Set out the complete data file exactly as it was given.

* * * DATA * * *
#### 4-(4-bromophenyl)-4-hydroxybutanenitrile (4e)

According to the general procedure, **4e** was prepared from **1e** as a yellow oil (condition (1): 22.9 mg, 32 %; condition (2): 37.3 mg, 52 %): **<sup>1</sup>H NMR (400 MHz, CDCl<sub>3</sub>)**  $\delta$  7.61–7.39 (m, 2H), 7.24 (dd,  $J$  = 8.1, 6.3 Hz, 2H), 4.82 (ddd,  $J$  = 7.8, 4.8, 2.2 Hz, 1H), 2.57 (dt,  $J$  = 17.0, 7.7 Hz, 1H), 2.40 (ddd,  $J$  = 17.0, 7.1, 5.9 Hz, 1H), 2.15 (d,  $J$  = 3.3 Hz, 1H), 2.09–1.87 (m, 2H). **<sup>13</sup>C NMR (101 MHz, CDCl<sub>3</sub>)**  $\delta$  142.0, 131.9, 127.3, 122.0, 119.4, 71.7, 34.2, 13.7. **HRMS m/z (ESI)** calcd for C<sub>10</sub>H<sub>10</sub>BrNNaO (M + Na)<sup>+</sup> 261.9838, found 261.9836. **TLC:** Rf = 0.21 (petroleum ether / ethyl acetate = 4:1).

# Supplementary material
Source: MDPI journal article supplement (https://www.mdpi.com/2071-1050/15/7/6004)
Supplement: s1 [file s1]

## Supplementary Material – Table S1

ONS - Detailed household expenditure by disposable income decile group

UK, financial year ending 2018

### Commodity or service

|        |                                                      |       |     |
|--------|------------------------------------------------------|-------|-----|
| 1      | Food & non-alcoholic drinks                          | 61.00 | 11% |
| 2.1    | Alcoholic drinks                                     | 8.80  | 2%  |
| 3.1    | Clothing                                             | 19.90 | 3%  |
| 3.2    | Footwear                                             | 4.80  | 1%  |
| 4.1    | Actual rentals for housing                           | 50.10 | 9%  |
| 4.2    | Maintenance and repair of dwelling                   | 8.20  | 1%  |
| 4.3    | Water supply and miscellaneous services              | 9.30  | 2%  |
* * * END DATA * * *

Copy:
#### 4-(4-bromophenyl)-4-hydroxybutanenitrile (4e)

According to the general procedure, **4e** was prepared from **1e** as a yellow oil (condition (1): 22.9 mg, 32 %; condition (2): 37.3 mg, 52 %): **<sup>1</sup>H NMR (400 MHz, CDCl<sub>3</sub>)**  $\delta$  7.61–7.39 (m, 2H), 7.24 (dd,  $J$  = 8.1, 6.3 Hz, 2H), 4.82 (ddd,  $J$  = 7.8, 4.8, 2.2 Hz, 1H), 2.57 (dt,  $J$  = 17.0, 7.7 Hz, 1H), 2.40 (ddd,  $J$  = 17.0, 7.1, 5.9 Hz, 1H), 2.15 (d,  $J$  = 3.3 Hz, 1H), 2.09–1.87 (m, 2H). **<sup>13</sup>C NMR (101 MHz, CDCl<sub>3</sub>)**  $\delta$  142.0, 131.9, 127.3, 122.0, 119.4, 71.7, 34.2, 13.7. **HRMS m/z (ESI)** calcd for C<sub>10</sub>H<sub>10</sub>BrNNaO (M + Na)<sup>+</sup> 261.9838, found 261.9836. **TLC:** Rf = 0.21 (petroleum ether / ethyl acetate = 4:1).

# Supplementary material
Source: MDPI journal article supplement (https://www.mdpi.com/2071-1050/15/7/6004)
Supplement: s1 [file s1]

## Supplementary Material – Table S1

ONS - Detailed household expenditure by disposable income decile group

UK, financial year ending 2018

### Commodity or service

|        |                                                      |       |     |
|--------|------------------------------------------------------|-------|-----|
| 1      | Food & non-alcoholic drinks                          | 61.00 | 11% |
| 2.1    | Alcoholic drinks                                     | 8.80  | 2%  |
| 3.1    | Clothing                                             | 19.90 | 3%  |
| 3.2    | Footwear                                             | 4.80  | 1%  |
| 4.1    | Actual rentals for housing                           | 50.10 | 9%  |
| 4.2    | Maintenance and repair of dwelling                   | 8.20  | 1%  |
| 4.3    | Water supply and miscellaneous services              | 9.30  | 2%  |